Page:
21 September 2007

College ain't what it used to be

As some of you may have heard, some poor, misguided souls have put me in charge of a classroom. So now I'm what passes for an adjunct professor around here.
Yeah, it's that bad.

I'd thought that, since I'd been away from campus for so long, I would be amazed at the utility of teaching technology. Well, I am. But not in a good way.

Between the grading unit crashing and the entire data system needing to be purged once a day, I had no choice but to give up on (AU's implementation of) the Blackboard™ classroom management system.

Among the suite of tools I'm using to replace BB is Google Groups. When I explained to the class that I wanted to have the ability to instantly email them announcements and so on, one student actually protested that her inbox was too full already.

She had a point, and this hints at a larger problem, the real reason for tonight's post. You see, I'm also a Inbox Abuser. But I am now recovering, with a little help from my friends.

For my money, no one frames the evils of Inbox Abuse better than Merlin Mann. Here you go, video junkies:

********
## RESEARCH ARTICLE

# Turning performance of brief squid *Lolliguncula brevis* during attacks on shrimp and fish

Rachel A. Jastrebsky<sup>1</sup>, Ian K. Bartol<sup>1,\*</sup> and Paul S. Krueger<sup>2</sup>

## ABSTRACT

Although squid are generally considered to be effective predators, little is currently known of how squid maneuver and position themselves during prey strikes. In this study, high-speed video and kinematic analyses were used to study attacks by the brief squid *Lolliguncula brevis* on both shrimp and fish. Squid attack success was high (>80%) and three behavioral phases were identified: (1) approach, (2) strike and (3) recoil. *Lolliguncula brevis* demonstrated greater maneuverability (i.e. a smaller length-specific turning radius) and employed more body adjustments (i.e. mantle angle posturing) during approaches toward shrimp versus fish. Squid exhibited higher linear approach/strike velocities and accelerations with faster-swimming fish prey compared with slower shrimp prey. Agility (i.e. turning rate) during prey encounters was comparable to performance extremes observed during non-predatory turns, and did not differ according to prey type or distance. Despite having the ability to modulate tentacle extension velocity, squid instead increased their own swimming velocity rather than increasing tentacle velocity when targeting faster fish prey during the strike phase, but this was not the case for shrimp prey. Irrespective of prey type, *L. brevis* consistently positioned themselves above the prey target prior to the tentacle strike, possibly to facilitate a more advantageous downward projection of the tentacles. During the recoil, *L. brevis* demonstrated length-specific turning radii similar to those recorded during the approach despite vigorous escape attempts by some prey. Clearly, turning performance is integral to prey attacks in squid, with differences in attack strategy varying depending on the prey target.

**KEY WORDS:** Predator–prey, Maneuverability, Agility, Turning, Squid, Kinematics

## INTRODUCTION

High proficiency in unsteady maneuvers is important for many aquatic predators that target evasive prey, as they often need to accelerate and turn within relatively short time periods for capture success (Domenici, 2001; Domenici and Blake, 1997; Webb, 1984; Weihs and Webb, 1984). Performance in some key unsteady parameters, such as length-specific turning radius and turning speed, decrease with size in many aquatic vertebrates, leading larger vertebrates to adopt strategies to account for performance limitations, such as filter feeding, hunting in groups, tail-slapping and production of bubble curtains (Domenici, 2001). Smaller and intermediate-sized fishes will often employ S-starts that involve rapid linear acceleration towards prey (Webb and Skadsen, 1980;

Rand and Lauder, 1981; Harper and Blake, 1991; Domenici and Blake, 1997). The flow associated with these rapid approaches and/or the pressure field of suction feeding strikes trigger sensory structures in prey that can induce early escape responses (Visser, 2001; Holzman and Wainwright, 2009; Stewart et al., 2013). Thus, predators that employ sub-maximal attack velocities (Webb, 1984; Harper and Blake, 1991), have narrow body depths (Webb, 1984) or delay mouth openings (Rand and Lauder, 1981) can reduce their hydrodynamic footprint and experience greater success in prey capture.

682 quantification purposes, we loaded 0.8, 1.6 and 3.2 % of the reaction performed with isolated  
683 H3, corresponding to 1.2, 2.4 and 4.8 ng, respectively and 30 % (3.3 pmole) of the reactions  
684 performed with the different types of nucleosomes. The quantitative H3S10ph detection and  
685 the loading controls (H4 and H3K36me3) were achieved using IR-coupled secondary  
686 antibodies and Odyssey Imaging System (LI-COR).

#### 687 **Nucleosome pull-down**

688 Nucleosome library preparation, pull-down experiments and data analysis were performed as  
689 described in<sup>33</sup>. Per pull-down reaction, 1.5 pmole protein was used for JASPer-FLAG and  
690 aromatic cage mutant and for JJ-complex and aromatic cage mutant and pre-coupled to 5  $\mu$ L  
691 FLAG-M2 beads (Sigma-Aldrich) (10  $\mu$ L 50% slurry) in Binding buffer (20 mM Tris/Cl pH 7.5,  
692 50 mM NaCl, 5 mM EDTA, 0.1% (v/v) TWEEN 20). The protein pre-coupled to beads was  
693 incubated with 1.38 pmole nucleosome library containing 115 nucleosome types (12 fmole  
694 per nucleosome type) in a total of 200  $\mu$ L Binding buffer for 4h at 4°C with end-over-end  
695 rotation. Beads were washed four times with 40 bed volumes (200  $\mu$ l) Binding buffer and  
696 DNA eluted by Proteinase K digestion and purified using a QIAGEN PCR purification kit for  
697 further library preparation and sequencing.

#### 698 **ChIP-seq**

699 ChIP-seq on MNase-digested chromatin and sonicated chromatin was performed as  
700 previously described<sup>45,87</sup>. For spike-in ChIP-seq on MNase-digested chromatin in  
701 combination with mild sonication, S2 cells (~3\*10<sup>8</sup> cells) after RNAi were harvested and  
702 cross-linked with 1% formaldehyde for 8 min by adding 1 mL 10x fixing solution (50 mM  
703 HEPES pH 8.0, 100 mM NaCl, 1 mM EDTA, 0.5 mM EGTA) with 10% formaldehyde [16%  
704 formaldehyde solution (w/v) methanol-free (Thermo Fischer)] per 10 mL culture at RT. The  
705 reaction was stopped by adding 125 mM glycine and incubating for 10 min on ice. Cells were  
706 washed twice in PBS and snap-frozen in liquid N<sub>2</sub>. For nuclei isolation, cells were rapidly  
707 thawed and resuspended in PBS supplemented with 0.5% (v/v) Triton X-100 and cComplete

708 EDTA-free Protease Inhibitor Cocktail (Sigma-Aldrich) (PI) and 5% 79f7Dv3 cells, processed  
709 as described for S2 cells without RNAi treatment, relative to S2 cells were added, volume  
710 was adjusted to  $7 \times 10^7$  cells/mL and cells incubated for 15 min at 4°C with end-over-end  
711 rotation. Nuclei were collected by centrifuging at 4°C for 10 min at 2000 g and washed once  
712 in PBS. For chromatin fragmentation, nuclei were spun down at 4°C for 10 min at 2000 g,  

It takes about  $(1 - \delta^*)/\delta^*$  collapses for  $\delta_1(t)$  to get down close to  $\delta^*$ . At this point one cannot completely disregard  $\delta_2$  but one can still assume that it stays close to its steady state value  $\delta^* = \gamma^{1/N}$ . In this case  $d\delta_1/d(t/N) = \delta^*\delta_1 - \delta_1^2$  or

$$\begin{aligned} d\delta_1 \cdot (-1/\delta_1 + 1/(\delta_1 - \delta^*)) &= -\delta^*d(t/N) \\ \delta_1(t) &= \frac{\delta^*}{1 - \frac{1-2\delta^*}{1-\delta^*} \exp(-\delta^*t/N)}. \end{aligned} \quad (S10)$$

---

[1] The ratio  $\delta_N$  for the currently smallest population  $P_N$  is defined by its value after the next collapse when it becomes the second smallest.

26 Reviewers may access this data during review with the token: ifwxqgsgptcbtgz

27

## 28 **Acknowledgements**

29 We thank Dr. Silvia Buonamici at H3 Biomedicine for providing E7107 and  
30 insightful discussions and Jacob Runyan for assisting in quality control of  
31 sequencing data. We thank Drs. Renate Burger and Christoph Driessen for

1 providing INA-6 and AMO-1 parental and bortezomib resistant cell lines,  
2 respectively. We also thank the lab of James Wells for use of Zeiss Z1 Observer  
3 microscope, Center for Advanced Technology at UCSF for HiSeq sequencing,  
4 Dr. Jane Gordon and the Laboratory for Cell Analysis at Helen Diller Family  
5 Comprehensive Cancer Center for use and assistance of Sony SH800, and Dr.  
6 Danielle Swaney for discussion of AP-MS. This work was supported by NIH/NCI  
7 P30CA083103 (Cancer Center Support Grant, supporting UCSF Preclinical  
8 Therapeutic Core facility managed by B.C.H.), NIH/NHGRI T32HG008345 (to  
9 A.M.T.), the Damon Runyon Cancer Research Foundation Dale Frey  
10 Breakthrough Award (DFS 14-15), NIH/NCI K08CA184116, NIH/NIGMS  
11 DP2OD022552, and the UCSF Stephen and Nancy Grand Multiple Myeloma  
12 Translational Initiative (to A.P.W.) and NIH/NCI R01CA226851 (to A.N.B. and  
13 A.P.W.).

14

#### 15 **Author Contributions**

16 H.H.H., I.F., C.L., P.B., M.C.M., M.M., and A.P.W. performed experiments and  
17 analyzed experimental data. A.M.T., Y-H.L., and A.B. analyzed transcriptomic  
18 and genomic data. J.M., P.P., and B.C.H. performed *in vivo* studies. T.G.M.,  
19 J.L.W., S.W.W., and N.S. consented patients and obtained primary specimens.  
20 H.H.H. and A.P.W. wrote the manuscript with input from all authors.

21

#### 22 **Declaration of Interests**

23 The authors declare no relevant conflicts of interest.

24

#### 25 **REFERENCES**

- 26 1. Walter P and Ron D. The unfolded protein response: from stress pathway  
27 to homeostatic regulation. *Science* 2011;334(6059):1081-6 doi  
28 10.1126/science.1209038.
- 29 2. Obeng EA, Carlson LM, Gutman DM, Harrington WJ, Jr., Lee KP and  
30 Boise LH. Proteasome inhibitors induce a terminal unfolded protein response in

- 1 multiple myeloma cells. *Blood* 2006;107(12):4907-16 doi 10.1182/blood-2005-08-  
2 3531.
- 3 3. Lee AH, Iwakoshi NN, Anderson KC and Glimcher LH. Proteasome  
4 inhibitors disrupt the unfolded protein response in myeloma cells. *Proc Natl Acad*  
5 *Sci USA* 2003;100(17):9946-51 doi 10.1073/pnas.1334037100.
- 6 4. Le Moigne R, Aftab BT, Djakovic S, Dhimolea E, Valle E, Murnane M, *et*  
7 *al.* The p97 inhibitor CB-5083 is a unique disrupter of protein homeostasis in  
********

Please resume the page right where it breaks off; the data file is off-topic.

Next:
18 September 2007

Tin-Foil Hat Guys: Right All Along?

See, I told you privacy was dead! But no, you had to hear it from the NSA:

Washington D.C., September 14, 2007 - Today the National Security Archive publishes a collection of documents concerning the use of U.S. reconnaissance satellites to collect data on targets within the United States over the last four decades. This new publication follows the August 15, 2007, revelation in the Wall Street Journal that the United States is planning to expand the use of reconnaissance satellites over the United States in support of civil agencies (those outside of the Defense Department and Intelligence Community) in response to recommendations by an independent study group.

Obtained primarily through the Freedom of Information Act and archival research, the declassified documents published today describe a number of uses for which U.S. reconnaissance satellites have been employed, including evaluation of satellite performance, mapping, disaster relief, and assistance to Environmental Protection Agency investigations.

What I find most interesting is the subtle way that transparency activists and privacy activists are seeing common ground. Sure, this happened with the Privacy Act, but the PA only served to perpetuate the illusion of privacy.

Someday I hope we will all come to terms with the death of privacy, and figure out how to live in a world without the expectation -- much like folks in rural areas have lived for some time.